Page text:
• There are several good donut shops within driving distance of my home in Connecticut.
  • Not only can cats paint, but some people paint cats. Why, we don’t quite know.
  • There are not just two, but three books about cats and aesthetics.
  • There is no end to the discussions this group can have about facial hair.
  • If you want to spend any time out of doors or exercising when you’re in the middle of a big work push, you absolutely have to do it first thing in the morning.

And so, to bed with me!

Why paint cats?  Why did the cats paint in the first place?
Why, indeed?

OWOT, day 2.

Today at One Week | One Tool we’ve been laboring on our first big task: figuring out what tool we’re actually going to build.

We had our big brainstorming session this afternoon, and are now opening up the floor for feedback. We’ve set up a site where you can vote on the potential tools we’ve come up with, as well as to comment on our ideas. Voting closes at 10 a.m. eastern time tomorrow, Tuesday 30 July 2013, when we’ll begin to narrow the field.

Tomorrow: the real work begins.

Farewell, Smithsonian, for now…

Today was my last day as a postdoctoral fellow at the National Museum of American History. The good news: the weather was perfect for lunch with colleagues on our rooftop terrace, with stunning views reaching from the Library of Congress to the Washington Monument.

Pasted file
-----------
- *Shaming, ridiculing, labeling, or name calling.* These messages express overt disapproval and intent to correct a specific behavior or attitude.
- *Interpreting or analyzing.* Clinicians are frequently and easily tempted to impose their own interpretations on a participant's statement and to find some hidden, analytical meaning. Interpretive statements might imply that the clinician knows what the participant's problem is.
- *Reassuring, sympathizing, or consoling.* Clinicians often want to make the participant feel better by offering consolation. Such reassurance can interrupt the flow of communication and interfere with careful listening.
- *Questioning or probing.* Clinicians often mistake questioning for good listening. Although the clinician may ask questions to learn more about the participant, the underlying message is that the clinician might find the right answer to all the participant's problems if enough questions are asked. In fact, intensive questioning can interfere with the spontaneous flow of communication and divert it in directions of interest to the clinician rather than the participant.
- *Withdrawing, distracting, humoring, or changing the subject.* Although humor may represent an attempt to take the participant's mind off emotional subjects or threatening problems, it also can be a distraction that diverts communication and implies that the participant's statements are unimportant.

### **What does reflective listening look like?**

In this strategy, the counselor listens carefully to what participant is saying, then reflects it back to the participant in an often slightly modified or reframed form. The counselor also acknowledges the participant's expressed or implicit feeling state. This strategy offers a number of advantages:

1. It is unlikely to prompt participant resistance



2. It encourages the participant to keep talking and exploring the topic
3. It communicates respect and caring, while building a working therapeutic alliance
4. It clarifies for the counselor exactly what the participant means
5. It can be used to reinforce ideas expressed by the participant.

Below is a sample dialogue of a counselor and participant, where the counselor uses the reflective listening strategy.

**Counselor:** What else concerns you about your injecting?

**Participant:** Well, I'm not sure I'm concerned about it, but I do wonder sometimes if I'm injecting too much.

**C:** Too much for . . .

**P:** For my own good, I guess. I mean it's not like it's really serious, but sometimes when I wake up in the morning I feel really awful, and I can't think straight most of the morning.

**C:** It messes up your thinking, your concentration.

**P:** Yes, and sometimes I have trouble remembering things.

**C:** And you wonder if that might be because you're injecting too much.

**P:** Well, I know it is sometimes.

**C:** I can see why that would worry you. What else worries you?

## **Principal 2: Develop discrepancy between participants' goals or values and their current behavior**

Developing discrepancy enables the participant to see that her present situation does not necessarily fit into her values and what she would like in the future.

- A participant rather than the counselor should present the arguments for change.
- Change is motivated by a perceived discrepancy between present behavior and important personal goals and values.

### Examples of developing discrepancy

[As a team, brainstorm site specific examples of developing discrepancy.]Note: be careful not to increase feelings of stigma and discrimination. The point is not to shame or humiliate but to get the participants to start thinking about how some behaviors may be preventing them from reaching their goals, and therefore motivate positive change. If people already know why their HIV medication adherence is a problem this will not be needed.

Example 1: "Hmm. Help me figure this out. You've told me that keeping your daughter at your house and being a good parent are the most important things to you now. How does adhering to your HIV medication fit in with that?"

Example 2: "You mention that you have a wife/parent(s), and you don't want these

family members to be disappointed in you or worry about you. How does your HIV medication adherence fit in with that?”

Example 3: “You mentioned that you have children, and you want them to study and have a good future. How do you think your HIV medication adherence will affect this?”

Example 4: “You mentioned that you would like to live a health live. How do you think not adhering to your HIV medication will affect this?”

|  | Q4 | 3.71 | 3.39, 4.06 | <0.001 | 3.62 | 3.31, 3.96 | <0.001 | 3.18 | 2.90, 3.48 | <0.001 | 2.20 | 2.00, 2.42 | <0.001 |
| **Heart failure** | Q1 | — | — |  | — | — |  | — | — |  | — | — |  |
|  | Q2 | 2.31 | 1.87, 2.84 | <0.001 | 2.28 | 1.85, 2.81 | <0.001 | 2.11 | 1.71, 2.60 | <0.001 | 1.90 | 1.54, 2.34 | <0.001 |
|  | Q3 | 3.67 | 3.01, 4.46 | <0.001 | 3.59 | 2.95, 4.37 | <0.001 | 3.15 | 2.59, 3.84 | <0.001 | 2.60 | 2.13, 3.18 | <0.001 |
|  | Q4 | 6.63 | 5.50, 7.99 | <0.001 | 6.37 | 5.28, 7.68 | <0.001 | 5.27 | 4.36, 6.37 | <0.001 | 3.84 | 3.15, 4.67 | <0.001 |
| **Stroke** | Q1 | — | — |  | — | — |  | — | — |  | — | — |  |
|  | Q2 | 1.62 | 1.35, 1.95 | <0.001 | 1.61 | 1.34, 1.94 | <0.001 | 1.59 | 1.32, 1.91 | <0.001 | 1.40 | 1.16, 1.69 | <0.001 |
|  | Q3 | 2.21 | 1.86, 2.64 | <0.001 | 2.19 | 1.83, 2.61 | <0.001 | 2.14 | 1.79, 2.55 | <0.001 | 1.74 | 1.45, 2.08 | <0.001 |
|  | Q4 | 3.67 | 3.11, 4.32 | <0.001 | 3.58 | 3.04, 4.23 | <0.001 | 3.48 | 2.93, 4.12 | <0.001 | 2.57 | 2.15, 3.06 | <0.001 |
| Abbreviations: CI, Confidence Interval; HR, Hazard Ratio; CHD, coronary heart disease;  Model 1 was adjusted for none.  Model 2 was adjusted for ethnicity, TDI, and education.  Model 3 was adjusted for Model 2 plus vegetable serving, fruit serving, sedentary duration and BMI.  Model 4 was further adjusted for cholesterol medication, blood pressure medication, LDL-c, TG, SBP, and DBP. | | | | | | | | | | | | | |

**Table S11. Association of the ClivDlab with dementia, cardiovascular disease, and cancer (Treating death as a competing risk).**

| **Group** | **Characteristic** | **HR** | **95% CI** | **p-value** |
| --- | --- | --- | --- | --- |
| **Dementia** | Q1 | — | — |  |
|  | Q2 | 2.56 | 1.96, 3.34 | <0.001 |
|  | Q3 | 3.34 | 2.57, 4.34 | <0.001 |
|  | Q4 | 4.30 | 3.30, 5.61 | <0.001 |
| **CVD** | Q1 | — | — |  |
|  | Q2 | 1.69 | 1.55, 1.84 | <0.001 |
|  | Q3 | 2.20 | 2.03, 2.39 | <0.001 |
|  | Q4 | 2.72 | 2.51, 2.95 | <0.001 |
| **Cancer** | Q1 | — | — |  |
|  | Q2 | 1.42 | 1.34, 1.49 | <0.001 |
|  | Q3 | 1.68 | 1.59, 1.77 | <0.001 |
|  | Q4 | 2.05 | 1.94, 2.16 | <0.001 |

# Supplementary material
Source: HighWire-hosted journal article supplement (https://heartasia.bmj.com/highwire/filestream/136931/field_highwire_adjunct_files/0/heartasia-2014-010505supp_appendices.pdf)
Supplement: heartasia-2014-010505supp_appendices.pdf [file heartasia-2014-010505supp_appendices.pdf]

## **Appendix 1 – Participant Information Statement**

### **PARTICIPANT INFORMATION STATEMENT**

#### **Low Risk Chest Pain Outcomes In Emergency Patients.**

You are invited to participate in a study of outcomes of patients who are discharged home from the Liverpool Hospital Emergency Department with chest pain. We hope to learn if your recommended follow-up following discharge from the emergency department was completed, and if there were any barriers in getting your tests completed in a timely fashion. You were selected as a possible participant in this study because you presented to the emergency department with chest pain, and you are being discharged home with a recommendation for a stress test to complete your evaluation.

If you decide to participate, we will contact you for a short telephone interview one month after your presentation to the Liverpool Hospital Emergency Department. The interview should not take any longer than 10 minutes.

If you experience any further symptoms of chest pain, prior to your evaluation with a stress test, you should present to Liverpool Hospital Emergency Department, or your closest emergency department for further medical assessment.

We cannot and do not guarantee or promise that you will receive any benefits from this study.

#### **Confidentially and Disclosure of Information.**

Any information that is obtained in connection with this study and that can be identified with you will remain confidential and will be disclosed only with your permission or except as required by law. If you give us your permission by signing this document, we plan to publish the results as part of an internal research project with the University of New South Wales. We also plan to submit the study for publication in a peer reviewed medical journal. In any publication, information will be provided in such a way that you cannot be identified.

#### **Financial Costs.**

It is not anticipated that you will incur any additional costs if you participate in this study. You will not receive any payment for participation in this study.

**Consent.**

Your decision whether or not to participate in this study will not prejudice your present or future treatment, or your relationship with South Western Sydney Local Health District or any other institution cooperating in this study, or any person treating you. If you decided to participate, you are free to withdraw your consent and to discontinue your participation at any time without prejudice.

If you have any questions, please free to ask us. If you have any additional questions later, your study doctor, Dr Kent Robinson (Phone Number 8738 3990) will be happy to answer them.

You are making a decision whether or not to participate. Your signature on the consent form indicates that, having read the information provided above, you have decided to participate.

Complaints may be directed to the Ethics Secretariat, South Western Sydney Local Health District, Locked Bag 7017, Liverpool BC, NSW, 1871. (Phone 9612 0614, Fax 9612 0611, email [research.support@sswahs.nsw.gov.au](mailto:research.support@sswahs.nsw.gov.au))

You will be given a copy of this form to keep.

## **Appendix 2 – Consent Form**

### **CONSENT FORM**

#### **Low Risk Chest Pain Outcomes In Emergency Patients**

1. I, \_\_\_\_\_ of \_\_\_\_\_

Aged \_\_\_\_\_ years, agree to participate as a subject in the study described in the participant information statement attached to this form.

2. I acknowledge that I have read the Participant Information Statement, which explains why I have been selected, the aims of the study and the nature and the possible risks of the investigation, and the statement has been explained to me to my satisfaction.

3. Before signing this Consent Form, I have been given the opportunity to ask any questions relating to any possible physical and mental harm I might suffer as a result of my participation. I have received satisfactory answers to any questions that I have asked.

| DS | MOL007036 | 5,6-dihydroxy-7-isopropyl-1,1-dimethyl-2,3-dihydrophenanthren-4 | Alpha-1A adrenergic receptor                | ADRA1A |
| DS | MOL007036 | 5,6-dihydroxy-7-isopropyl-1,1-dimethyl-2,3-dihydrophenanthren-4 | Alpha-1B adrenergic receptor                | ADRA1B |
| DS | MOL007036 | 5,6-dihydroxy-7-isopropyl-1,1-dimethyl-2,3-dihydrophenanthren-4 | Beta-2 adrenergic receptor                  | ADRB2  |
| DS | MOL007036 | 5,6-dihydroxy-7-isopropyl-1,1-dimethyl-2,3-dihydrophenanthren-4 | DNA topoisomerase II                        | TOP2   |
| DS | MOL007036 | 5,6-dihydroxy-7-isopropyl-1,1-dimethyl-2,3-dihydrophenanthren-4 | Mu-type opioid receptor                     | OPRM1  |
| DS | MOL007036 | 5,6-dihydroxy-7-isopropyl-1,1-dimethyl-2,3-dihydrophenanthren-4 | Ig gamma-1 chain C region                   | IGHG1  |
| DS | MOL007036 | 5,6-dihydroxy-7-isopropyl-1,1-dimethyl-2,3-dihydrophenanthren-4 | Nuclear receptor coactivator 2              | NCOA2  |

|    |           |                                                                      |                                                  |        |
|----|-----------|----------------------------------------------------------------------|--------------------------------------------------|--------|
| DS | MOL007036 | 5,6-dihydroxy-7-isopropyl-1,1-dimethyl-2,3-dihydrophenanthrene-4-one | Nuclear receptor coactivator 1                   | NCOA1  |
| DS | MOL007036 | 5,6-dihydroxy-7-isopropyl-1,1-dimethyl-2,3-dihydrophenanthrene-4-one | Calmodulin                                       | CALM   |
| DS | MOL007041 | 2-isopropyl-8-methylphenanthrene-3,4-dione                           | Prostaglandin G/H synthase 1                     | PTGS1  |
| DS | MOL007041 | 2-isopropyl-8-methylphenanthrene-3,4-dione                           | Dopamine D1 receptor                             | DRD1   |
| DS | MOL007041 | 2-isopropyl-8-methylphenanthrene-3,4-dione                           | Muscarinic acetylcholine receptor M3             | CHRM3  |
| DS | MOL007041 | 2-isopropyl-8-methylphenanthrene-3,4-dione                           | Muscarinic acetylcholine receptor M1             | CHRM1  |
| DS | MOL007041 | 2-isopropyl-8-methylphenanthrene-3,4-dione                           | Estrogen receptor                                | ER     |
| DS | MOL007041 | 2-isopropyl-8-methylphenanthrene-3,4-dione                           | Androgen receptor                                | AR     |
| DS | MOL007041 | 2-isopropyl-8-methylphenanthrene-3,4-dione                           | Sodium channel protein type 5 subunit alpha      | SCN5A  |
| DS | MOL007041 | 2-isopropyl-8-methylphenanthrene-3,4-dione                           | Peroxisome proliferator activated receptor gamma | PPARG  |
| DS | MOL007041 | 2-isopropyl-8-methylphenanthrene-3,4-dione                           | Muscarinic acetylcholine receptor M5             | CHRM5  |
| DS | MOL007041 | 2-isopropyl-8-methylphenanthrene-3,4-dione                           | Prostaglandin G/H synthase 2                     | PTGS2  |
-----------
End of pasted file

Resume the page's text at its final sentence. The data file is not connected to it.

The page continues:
On the roof at NMAH on my last day at the Smithsonian.
On the roof at NMAH on my last day at the Smithsonian. Photo by Steve Velasquez.

Thanks to everyone who made my time at the Smithsonian so rewarding, productive, and valuable. I hope to come back someday.

An AHA moment.

After attending Bill Cronon’s presidential address on “Storytelling” at the American Historical Association conference a couple of weeks ago, I decided it would be worth my while to go back and read all his presidential columns from the newsletter in 2012. I’m posting links to them here for anyone else who wishes to do the same.

The Public Practice of History in and for a Digital Age (January 2012)
Scholarly Authority in a Wikified World (February 2012)
Professional Boredom (March 2012)
Loving History (April 2012)
Breaking Apart, Putting Together (May 2012)
Two Cheers for the Whig Interpretation of History (September 2012)
How Long Will People Read History Books? (October 2012)
Recollecting My Library… and My Self (November 2012)
And Gladly Teach (December 2012)

More to come on storytelling, public history, digital humanities, the future of the long-form narrative, and a host of ideas that are swimming around in my head in the wake of the meeting.

[ADDENDUM: As soon as I had posted this, I was perusing Bill’s web site and noticed that, of course, he has all his columns collected there as well. The AHA has links to ’em up too, they’re just at the bottom of a very long page of presidential addresses going back to Andrew Dickson White.]